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If you’re looking to expand your business, Canada is a great place to start. Traci Houck, Head of Operations for Global Services at CT Corporation talks about why Canada is a great place for companies to expand their operations without creating a large burden on current operations.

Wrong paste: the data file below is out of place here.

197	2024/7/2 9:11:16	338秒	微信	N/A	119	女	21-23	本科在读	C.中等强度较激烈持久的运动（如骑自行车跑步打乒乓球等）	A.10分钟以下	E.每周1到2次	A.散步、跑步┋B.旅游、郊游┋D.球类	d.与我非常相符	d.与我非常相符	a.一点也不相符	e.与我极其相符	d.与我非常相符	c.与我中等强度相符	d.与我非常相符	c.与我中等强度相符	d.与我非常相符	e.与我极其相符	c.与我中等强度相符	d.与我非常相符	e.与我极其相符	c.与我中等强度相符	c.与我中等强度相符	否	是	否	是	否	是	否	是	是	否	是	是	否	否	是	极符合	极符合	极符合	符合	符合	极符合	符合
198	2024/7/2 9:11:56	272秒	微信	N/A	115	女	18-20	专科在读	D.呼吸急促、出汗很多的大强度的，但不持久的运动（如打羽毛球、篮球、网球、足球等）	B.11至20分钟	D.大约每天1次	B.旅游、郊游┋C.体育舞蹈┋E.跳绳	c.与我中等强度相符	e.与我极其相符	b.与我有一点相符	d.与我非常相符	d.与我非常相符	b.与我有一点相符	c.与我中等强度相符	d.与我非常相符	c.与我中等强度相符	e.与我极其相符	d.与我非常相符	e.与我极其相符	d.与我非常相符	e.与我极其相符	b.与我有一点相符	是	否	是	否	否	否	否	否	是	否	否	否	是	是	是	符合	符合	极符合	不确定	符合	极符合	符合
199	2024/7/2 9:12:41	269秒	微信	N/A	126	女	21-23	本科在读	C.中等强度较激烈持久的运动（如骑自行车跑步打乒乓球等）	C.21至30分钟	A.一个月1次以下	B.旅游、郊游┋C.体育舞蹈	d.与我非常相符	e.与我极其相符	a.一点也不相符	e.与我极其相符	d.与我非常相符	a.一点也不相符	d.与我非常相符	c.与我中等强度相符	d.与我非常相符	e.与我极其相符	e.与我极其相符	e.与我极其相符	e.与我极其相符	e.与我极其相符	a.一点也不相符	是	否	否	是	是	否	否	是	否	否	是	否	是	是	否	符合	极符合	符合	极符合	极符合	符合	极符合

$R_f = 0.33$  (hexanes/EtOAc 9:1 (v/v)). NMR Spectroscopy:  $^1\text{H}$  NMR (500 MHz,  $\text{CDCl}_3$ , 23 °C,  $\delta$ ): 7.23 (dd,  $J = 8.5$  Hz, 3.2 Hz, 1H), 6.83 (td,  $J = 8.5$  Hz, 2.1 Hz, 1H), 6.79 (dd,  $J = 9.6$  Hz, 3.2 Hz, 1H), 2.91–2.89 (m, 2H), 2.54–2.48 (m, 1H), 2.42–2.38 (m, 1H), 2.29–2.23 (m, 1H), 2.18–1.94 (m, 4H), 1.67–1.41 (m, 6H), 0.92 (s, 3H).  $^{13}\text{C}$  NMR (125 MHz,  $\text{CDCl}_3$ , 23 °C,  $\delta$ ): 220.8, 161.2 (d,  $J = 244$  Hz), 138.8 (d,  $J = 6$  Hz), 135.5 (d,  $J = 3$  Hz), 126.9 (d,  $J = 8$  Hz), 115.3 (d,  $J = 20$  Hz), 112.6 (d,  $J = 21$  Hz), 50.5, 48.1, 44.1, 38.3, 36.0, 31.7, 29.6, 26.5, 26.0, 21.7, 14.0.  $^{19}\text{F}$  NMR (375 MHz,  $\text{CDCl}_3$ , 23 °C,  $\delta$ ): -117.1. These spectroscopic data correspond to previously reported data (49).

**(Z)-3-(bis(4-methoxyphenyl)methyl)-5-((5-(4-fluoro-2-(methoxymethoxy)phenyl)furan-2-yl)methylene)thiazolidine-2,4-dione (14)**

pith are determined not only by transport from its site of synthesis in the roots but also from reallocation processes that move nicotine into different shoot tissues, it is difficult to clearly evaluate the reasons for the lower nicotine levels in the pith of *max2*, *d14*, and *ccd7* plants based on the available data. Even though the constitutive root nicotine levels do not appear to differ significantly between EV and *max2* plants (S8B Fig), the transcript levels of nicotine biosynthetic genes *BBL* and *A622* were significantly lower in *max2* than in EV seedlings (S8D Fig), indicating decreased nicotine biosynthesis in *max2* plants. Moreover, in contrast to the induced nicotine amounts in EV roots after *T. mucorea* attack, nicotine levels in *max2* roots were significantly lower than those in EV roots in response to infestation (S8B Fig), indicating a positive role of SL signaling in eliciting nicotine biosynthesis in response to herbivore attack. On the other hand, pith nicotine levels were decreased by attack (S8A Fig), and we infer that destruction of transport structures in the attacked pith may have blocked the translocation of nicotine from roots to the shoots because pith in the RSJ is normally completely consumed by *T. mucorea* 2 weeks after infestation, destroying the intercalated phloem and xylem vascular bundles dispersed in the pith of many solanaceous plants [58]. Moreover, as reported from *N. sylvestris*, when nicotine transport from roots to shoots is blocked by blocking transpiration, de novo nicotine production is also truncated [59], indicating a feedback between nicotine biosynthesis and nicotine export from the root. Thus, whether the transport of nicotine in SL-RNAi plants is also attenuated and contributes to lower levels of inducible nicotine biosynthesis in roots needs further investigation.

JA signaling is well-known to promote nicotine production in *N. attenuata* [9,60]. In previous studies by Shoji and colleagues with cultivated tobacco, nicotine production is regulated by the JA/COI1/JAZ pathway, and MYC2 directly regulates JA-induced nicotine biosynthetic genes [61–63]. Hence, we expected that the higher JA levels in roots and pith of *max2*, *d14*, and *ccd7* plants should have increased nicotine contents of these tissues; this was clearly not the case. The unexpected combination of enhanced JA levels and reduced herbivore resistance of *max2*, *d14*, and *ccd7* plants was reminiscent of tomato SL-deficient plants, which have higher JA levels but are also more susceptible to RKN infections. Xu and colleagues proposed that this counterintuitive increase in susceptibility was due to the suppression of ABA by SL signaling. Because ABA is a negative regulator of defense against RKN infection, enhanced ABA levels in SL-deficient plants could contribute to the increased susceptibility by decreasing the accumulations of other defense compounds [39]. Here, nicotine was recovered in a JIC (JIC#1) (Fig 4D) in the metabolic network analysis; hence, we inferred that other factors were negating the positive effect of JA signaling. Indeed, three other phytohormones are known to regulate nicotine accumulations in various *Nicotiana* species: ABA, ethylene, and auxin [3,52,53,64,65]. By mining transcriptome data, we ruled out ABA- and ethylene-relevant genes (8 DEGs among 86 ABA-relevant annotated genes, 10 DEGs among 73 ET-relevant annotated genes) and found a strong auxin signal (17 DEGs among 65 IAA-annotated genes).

Greg: Our guest this week is Traci Houck. She is the Head of Operations for Global Corporate Services at CT Corporation. We’re going to be talking for the next few minutes about expanding your business, not just around the corner, maybe not even throughout your region, but how about across the border, specifically the border to the north. Is it time to expand your business into Canada? And if that is something that might be beneficial to you and your business, what is the best way to go about that? Traci, thanks very much for being with us.Traci: It’s a pleasure. Thanks, Greg.Greg: Obviously Canada is very close to us, but what are some of the reasons U.S. businesses expand into Canada?Traci: As you said, they are geographically close, but we share a lot of cultural similarities with Canada. We generally speak the same language. Canada is the United States’ largest trading partner. In fact they spend about 60% of their consumer dollars on U.S. products and services. So from a small business trying to grow its customer base to a large, multi-national company, trying to save money on taxes, considering expansion into Canada makes sense for lots of companies.Greg: So when this idea gets kicked around, and the more you think about it, the more you research it, the more it seems to make sense, what are some of the key facts to know when considering expansion into Canada.Traci: The first thing to consider is to where in Canada you want to expand. Canada is made up of provinces in three territories that generally act like state or regional governments, provincial governments. The most populous province in Canada is Ontario, followed by Quebec, British Columbia, and Alberta. The territories are very sparsely populated. In fact they average less than 35,000 people per territory. So those are not the typical places for businesses to expand. It’s more likely going to be a province.Once you decide where you want to go in Canada, you need to decide how. You would want to consider the best entity type and structure to meet your business and tax goals.Greg: Well that’s certainly right up the alley of what we’ve been talking about in a lot of different ways over the past few weeks on this podcast. So from a business entity setup perspective, what are similarities and differences with U.S. requirements when you want to set up shop in Canada?Traci: In the United States it’s common for a business to set up an entity in what we call their domestic state. So they would set up in one state, and they would take that business entity and qualify or register it to do business in other states. Canada is very similar with the provinces and territories. Typically a U.S. company would register their U.S. entity to do business in the provinces where they have clients or want to distribute goods or perform services. We see that Ontario or Alberta are the most popular provinces to register businesses for U.S. companies.Canada also has business license requirements similar to the U.S. Professional activities like engineering or architecture, those are heavily regulated just as they are in the U.S. You have to go through a lot of testing and training to be licensed in a professional service. But most provinces have what we call a basic business license requirement. So any entity conducting business in the province would need a license similar to what you’d find in many cities, counties, or states.Greg: After the entity is established there, what about ongoing requirements for an entity registered in Canada? What does that look like?Traci: Again similar to the U.S., most Canadian provinces have an annual report requirement where you have to record vital entity information such as your address, officers, directors, and registered agent. Some provinces you just have to pay a fee annually. Quebec can be a little tricky. The official language of Quebec is French, so all of their forms and filings must be done in French. So that is an added challenge for a lot of American companies. Generally the annual reports are due in the anniversary month of the registration, so very similar to U.S. rules and regulations.Greg: I’m going to back up just a minute here, Traci. When you talked earlier about setting up a business entity in Canada, that in many ways similar to the United States there are business license requirements, professional activities that are heavily regulated, is the regulatory burden roughly the same? Is the U.S. better, worse? How do they generally stack up?Traci: It’s very similar. So if you have licensed engineers in the United States, you would probably have to do the same or very similar requirements to be licensed as an engineer or architect in CanadaGreg: What if I register my business in a Canadian province, and ultimately things don’t work out? Walk us through the process of winding down a business and what some of the risks are in that area.Traci: If things didn’t work out for you, you would need to finalize your tax matters, usually file a final return of your taxes, and then for each province you would either need to dissolve or withdraw your entity. So, filing forms to let the government know you’re no longer doing business there. But honestly, Greg, whether it’s the World Bank who publishes a ranking of a country’s business ease or other scales, Canada always ranks as a very business-friendly nation. So the risk to expanding to Canada is quite low, and rewards can be great.Greg: As a result of all these similarities, it sounds like the decision as to whether to expand to Canada is pretty similar to the decision to expand anywhere else in the U.S. for the most part.Traci: That’s exactly right. And the regulations and rules and administrative burden is very similar as well.Greg: In terms of everything getting increasingly global, is there a major push into the expansion into Canada that you’ve seen? Is it easier now in the digital age, and are more businesses taking advantage of that? Or is it about the same pace in previous years, and even in previous generations.Traci: It comes and goes with various world or political events, as far as companies wanting to expand to Canada. But I would say over the past 20 years, we have seen pretty steady growth over time. Like I said, the administrative burden of it has been eased in the past 10 years or so with the advent of electronic filings and electronic signatures. So that does help businesses maintain their entities there much more easily.Greg: Anything that makes the paperwork easier is going to make business owners happy, that is for sure.Traci: Exactly.Greg: Last question, Tracy, what kind of help can CT provide folks with this?Traci: CT can act as registered agent in the Canadian provinces and territories. We can also help register a company, form an entity, do the annual maintenance, such as filing annual reports on behalf of our clients. And if things don’t work out, we can help you withdraw as well.Greg: Traci, thanks so much for your time today. Really appreciate it.Traci: Thank you, Greg.Greg: Traci Houck is Head of Operations for Global Corporate Services at CT Corporation.